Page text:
Horse Problems: Controlling a Stallion Around Mares

Many people want to keep a stallion for his bloodlines but also want to ride and/or compete with the same horse. That becomes a problem if your stallion becomes unruly around other horses. Untrained stallions begin to snort, fight your control, walk on eggshells, and generally become out of control in an effort to approach another horse. Given no restraint, they can hurt their rider, other riders, or get other people and horses hurt.

Not all beautiful boy horses should become breeding stallions. The vast majority, although loved and cherished by their owners, contribute nothing important to the gene pool (in fact might be adding detrimental genes). Unless you are an EXPERT geneticist AND an EXPERT stallion handler, a stallion can be a HUGE LIABILITY. Think in through carefully. It’s expensive. It’s a huge amount of work. It can be very dangerous! (I personally know a woman – a wonderful horsewoman – who had her arm actually bitten off by a stallion she had owned for many years). All of that for a couple of colts that look like Daddy.

If you really want a riding and competing horse, GELD him.

This is a good time to understand natural, wild horse behavior. What keeps a stallion in line in a wild herd? There is no human being there to teach him restraint. He learns to control himself.

In a wild situation, a stallion may approach a mare. However, mares who are not in season or who are already in foal don’t want to be pestered by a stallion. Therefore he is told in no uncertain terms by the mare if she is not ready for breeding. Her ears go back, she swings to bite, and she will ultimately double-barrel kick him if he persists. After experiencing this a few times, any stallion worth his salt will approach respectfully, notice the warning signs, and find a safe distance where he can watch, and even interact with the mares but stay away from non-receptive partners.

Stallions who are raised with other horses as youngsters learn a lot about horse etiquette during their formative years. If they live with geldings, a pecking order is established. If they live with mares, they take instruction from them.

The key to training your stallion how to remain respectful and under your control when you are both around other horses lies in giving him the deterrence training in a controlled situation – a situation you set up in your time, your space, and under your control.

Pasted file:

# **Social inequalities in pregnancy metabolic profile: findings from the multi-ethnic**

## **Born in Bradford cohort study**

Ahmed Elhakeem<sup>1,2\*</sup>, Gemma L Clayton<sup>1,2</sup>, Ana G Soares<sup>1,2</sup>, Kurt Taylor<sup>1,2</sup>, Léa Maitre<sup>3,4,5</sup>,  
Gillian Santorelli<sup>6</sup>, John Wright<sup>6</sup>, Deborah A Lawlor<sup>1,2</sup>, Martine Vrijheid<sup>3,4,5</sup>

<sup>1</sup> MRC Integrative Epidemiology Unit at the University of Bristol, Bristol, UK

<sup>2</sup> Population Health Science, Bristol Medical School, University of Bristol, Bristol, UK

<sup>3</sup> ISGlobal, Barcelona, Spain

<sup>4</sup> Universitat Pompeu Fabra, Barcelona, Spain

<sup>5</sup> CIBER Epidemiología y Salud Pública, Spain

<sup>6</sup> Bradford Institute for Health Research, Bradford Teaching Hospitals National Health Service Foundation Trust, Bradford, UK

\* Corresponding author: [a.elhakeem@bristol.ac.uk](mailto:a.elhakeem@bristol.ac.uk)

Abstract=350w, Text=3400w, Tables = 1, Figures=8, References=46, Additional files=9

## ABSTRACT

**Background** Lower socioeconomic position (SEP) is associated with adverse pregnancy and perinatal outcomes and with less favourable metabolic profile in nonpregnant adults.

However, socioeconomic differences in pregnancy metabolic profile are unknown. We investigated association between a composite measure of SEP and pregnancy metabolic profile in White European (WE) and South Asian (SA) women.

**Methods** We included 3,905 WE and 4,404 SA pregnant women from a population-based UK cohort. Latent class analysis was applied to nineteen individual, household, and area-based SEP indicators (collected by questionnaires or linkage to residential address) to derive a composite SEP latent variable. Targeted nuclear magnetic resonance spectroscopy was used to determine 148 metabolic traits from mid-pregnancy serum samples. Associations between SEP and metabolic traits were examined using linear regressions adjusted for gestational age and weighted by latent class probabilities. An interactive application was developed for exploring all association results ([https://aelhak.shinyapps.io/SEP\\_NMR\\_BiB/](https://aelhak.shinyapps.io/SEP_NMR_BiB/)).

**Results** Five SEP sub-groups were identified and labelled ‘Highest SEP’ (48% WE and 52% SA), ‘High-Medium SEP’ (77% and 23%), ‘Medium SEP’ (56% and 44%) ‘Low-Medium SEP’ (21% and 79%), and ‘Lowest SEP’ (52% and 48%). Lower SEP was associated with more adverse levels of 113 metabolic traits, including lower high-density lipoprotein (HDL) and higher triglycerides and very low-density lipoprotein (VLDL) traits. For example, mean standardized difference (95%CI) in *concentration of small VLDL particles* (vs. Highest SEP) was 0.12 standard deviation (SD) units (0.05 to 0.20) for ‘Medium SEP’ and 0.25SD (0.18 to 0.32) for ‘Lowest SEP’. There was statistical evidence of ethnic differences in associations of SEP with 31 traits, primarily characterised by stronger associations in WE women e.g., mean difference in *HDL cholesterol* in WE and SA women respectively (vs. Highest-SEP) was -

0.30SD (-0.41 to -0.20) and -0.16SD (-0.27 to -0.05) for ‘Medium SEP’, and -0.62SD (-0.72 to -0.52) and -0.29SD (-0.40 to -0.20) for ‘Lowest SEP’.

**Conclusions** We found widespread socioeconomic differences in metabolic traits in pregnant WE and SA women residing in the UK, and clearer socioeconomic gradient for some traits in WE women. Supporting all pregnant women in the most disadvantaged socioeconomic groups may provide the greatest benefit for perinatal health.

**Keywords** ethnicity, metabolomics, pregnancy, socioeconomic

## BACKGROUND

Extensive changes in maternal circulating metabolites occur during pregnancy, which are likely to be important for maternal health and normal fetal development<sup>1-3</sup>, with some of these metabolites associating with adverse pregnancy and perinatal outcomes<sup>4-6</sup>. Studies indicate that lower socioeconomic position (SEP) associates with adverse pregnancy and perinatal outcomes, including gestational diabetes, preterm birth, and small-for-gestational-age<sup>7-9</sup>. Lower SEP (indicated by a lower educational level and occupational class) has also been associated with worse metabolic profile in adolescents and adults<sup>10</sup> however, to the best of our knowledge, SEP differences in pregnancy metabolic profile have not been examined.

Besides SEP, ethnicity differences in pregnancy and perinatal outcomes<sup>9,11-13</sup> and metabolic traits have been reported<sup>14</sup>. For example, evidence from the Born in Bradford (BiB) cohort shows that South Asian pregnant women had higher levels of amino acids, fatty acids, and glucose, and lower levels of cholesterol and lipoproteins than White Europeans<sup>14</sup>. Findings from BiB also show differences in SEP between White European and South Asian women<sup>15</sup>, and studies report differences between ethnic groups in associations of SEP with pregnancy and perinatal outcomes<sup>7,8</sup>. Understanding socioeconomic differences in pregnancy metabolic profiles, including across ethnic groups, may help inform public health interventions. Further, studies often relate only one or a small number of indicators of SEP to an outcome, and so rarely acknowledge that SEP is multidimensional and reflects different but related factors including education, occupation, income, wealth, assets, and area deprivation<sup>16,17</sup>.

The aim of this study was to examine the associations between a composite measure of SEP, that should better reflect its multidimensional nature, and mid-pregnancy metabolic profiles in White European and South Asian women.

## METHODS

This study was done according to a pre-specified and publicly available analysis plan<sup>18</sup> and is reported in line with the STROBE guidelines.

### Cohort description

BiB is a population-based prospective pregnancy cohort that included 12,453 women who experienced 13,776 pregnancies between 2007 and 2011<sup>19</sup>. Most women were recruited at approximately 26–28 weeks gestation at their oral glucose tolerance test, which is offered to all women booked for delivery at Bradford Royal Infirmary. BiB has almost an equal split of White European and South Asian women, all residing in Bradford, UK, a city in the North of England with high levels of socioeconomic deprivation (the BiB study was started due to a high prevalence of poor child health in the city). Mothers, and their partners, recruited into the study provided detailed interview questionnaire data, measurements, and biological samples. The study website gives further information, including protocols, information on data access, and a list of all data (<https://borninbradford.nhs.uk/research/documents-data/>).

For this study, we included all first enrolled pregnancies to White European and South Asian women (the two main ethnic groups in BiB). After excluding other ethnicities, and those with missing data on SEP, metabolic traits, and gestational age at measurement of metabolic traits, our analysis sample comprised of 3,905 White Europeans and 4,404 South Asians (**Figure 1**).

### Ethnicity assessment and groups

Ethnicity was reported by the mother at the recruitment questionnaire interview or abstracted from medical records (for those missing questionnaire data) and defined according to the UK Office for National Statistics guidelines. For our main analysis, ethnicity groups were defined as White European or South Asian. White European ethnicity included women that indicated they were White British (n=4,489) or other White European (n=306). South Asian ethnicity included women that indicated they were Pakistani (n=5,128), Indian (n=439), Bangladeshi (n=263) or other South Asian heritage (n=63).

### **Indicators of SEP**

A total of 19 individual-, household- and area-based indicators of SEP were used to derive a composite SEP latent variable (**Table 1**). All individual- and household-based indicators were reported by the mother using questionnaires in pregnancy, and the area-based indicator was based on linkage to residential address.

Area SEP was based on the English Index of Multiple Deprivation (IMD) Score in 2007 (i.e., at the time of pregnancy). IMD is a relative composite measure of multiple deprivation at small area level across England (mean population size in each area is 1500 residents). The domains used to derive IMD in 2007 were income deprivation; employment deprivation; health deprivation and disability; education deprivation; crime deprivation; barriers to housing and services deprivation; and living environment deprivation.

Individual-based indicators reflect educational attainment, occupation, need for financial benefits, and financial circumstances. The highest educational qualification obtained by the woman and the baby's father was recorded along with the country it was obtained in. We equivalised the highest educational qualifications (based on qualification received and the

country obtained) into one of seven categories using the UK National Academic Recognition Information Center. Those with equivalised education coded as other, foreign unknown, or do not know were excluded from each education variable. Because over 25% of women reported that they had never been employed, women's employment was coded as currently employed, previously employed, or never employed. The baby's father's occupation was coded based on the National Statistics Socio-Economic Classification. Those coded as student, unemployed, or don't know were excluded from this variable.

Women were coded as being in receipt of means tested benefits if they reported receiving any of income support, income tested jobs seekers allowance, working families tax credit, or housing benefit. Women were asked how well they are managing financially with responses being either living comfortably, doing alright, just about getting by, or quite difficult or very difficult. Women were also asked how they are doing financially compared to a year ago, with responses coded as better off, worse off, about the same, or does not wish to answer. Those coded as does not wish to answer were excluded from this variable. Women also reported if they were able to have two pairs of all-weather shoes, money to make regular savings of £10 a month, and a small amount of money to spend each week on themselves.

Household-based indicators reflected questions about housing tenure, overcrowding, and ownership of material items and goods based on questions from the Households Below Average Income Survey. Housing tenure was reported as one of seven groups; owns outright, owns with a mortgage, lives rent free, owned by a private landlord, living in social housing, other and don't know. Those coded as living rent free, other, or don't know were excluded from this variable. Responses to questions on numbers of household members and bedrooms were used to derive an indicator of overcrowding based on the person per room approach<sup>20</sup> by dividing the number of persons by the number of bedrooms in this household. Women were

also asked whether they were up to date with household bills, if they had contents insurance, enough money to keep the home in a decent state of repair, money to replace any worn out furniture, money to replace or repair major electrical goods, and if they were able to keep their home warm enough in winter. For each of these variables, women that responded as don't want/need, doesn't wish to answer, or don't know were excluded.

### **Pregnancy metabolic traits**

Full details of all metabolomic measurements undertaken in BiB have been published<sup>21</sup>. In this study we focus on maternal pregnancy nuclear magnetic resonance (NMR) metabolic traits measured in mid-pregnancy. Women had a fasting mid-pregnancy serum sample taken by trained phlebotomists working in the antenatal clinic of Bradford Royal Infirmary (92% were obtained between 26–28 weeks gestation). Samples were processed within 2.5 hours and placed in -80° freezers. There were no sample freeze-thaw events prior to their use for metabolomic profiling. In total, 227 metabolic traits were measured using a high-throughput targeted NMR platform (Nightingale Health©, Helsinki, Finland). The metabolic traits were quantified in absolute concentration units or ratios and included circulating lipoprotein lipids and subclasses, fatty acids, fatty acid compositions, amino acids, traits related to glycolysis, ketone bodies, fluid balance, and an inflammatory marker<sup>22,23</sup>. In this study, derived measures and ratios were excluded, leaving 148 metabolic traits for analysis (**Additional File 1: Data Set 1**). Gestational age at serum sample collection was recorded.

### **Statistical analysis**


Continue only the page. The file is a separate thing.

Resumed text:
Set up the scenario and be prepared to demonstrate to him what happens when he approaches another horse in a “studdy” way.

See Warwick Schiller’s demo.


From personal experience I can tell you that managing a stallion is difficult. I waited until the last minute to geld a beautiful baroque pinto colt hoping that someone would like to purchase him as a whole stallion. As it become more clear that he would not find that home, I finally gelded him at 27 months.

He was always in a paddock what his younger brother. The two played, the baby gave him proper deference. However, when his brother went to a new home, the older colt began to change. He got lonely, and his desperation for companionship, he became pushy and demanding. A larger, younger, or more experienced stallion handler might have found him to be fine, but I was afraid he would eventually run over me, so the decision was made to geld him so that he could go back into the group of horses where he desired to be.

It made all of the difference.

A couple of other considerations

Most boarding facilities will not allow a stallion. They have neither the room, the staff, nor the facilities to keep a stallion. Some municipalities or counties will not allow stallions to be housed unless they have very particular and very secure housing.

Stallions crave the contact of other horses as much as any horse, so keeping them in perpetual isolation only drives them to more and more desperate behavior. Stallions should be raised with other horses where they learn to be polite or meet the other end of another horse. It is good if they can be kept with other horses throughout their life. A nice older gelding is often the best choice.

It is a good idea for your horse to get used to breeding (or being collected) in only one place where only that activity takes place. It is easier for him to decipher when it is or is not appropriate if he has place-specific clues. And he should be allowed to meet and greet the mares in a safe environment if at all possible. In my humble opinion, pasture breeding is always the best. A natural herd. A natural cycle. Plenty of exercise and natural horse behavior. Or AI will be just fine: no stallion, no mare, no problem.

Not all beautiful boy horses should become breeding stallions. The vast majority, although loved and cherished by their owners, contribute nothing important to the gene pool (in fact might be adding detrimental genes) to the breed. Unless you are an expert geneticist AND an EXPERT stallion handler, a stallion can be a HUGE liability. Think in through carefully. It’s expensive. It’s a huge amount of work. It can be dangerous. All of that for a couple of colts that look like Daddy.

Stallions can be gelded as early as 10 days old. Ask Pat Parelli, who gelds all of his colts at that early age with NO detrimental affects to development. If you really want a riding and competing horse, GELD him.

Horse training can be dangerous. Not all methods work on all horses. Instruction presented here is not meant to be prescriptive in nature, and Horse-Pros.com takes no responsibility for the welfare of any animal or person using our methods.

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